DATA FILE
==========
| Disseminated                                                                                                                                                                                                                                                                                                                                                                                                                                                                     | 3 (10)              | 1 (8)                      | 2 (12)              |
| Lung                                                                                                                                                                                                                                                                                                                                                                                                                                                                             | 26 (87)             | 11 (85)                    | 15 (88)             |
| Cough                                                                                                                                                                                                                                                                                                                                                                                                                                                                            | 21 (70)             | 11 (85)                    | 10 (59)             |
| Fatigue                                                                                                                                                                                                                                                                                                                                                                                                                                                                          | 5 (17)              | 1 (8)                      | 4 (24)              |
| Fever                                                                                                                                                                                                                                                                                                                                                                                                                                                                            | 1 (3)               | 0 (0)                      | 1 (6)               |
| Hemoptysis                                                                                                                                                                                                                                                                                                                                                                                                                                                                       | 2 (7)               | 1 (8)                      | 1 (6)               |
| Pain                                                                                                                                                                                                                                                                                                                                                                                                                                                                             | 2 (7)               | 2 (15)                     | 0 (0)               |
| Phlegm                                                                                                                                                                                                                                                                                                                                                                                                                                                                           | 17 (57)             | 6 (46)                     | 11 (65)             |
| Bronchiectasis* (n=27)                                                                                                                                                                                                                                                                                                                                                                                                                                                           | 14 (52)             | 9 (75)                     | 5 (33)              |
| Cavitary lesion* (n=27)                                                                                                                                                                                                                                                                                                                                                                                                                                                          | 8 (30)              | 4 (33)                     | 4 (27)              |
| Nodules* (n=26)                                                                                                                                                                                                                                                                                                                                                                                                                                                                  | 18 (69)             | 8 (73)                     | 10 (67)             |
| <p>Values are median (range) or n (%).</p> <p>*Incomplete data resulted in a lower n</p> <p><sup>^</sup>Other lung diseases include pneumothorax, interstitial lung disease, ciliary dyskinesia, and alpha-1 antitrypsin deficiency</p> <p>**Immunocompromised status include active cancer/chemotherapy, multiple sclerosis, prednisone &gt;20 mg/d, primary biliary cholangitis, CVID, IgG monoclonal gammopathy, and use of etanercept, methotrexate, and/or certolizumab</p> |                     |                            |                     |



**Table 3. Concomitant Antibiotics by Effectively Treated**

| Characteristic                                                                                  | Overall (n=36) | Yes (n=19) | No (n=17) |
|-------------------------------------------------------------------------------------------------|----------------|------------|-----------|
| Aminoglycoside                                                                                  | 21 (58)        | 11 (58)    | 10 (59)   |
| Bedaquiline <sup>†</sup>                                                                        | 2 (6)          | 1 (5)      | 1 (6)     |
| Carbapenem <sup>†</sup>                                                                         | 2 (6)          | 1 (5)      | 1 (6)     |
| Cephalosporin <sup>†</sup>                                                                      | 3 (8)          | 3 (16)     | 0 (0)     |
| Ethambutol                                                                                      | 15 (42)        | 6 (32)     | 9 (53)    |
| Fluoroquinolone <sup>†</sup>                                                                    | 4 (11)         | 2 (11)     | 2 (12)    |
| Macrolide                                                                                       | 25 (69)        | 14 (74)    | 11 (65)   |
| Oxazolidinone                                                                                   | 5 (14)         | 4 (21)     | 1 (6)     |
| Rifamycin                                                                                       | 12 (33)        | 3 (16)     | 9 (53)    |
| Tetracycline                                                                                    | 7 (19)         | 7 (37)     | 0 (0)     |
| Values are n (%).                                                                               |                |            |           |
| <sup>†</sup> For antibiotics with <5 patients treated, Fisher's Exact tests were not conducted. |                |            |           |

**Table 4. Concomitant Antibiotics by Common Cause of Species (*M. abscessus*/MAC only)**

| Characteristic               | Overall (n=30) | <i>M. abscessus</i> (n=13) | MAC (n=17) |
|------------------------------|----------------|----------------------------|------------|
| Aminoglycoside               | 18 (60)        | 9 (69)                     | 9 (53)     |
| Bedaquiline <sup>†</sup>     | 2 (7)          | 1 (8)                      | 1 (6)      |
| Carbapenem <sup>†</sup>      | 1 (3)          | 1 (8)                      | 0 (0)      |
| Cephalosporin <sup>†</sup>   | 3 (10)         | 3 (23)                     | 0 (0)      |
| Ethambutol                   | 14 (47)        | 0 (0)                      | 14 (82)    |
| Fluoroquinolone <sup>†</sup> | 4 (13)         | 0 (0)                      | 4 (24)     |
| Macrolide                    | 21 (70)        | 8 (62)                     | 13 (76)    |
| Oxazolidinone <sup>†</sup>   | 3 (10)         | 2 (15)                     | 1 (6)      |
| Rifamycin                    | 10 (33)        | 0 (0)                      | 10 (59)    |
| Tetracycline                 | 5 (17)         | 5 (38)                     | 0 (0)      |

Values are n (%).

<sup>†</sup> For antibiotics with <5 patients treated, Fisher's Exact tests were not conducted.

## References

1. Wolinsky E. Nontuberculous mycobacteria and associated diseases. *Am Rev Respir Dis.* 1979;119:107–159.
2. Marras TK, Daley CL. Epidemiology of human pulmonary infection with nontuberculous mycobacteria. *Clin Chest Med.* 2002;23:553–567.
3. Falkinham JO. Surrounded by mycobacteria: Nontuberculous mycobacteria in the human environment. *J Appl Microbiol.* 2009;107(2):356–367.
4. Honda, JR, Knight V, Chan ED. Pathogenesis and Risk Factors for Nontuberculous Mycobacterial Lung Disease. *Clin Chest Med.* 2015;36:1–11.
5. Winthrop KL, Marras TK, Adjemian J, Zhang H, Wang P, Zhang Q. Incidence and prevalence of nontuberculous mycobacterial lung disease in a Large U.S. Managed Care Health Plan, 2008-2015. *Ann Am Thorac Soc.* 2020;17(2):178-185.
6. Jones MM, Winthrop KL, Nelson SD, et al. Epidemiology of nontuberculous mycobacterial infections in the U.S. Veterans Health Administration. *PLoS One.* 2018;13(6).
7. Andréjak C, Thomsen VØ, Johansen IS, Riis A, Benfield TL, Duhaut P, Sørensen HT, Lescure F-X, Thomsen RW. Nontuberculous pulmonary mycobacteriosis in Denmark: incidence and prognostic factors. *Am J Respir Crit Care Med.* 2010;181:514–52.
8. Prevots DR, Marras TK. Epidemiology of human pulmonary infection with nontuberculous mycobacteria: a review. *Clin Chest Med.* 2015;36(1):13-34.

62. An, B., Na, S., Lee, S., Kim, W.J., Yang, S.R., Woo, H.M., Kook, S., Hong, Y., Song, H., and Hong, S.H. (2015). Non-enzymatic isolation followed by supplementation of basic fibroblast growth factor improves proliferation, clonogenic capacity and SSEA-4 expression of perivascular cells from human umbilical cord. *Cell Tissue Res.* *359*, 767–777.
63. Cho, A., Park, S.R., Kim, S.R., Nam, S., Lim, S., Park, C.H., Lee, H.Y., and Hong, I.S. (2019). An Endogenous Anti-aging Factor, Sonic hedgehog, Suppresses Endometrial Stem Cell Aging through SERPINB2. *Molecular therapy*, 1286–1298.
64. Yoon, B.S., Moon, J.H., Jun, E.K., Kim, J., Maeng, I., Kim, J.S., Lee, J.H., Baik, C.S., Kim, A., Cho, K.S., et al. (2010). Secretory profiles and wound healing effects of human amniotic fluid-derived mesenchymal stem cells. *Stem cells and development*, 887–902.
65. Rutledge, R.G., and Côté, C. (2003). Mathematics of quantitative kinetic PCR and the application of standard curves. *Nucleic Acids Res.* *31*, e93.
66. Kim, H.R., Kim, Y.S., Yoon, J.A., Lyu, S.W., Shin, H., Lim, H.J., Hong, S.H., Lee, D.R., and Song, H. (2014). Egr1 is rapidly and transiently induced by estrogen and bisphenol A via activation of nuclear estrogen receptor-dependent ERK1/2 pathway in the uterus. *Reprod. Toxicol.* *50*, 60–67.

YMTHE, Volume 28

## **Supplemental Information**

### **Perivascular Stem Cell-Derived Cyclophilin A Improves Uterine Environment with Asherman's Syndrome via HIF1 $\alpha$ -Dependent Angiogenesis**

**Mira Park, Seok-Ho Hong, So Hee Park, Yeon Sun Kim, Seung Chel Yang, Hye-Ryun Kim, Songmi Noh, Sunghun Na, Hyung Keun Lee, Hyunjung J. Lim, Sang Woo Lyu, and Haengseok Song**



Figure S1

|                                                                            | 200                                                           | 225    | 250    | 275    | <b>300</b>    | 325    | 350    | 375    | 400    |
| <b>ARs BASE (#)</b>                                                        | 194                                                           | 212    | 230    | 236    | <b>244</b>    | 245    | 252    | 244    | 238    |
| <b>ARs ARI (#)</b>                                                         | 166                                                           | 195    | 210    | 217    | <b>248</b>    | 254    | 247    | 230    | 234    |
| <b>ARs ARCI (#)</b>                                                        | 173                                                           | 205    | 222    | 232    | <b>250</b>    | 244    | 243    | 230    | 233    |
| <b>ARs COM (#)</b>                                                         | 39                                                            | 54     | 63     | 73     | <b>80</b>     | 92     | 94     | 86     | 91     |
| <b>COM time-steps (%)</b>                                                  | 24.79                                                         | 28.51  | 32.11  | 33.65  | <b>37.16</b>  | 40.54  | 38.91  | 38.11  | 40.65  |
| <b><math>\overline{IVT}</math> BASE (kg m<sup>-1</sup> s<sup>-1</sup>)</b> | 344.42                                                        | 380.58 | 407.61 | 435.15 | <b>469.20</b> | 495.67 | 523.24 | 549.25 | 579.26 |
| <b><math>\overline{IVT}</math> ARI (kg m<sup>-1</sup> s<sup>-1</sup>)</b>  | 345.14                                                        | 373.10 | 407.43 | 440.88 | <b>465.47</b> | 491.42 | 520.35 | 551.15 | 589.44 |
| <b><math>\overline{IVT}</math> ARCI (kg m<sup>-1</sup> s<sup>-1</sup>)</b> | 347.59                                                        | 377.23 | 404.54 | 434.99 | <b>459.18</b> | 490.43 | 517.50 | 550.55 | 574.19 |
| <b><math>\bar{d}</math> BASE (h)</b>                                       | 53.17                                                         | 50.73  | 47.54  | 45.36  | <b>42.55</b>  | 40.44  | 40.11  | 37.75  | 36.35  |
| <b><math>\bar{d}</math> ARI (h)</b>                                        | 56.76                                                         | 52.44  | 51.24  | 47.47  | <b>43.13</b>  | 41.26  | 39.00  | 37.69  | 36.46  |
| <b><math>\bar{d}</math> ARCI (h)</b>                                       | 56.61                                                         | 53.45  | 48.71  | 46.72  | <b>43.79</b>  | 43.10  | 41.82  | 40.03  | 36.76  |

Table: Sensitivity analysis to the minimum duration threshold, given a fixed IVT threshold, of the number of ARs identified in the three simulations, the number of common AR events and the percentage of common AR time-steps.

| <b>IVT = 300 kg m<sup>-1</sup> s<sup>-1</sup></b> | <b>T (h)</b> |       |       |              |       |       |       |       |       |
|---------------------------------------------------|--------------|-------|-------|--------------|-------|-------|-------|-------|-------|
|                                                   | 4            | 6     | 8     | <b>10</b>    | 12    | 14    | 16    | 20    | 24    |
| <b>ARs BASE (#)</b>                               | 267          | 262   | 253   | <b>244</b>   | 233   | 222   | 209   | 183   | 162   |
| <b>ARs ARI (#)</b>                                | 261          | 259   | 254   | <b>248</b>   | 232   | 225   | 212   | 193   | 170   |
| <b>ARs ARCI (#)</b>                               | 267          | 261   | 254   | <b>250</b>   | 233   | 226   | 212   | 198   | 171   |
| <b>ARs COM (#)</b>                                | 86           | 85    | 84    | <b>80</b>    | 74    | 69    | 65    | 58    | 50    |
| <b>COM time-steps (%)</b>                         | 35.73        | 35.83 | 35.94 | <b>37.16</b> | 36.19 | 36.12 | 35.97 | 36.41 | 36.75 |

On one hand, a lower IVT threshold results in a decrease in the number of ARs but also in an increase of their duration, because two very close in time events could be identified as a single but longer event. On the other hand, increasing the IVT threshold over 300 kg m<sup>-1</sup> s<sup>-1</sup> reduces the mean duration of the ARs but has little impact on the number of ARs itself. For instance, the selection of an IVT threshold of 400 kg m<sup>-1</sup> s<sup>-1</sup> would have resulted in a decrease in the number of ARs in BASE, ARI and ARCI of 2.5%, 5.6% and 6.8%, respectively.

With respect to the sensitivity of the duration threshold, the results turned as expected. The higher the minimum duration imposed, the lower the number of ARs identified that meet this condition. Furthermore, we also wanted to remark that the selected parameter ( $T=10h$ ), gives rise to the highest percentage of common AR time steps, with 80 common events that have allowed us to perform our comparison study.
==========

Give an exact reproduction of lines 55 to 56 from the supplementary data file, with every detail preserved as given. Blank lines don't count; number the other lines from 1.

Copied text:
65. Rutledge, R.G., and Côté, C. (2003). Mathematics of quantitative kinetic PCR and the application of standard curves. *Nucleic Acids Res.* *31*, e93.
66. Kim, H.R., Kim, Y.S., Yoon, J.A., Lyu, S.W., Shin, H., Lim, H.J., Hong, S.H., Lee, D.R., and Song, H. (2014). Egr1 is rapidly and transiently induced by estrogen and bisphenol A via activation of nuclear estrogen receptor-dependent ERK1/2 pathway in the uterus. *Reprod. Toxicol.* *50*, 60–67.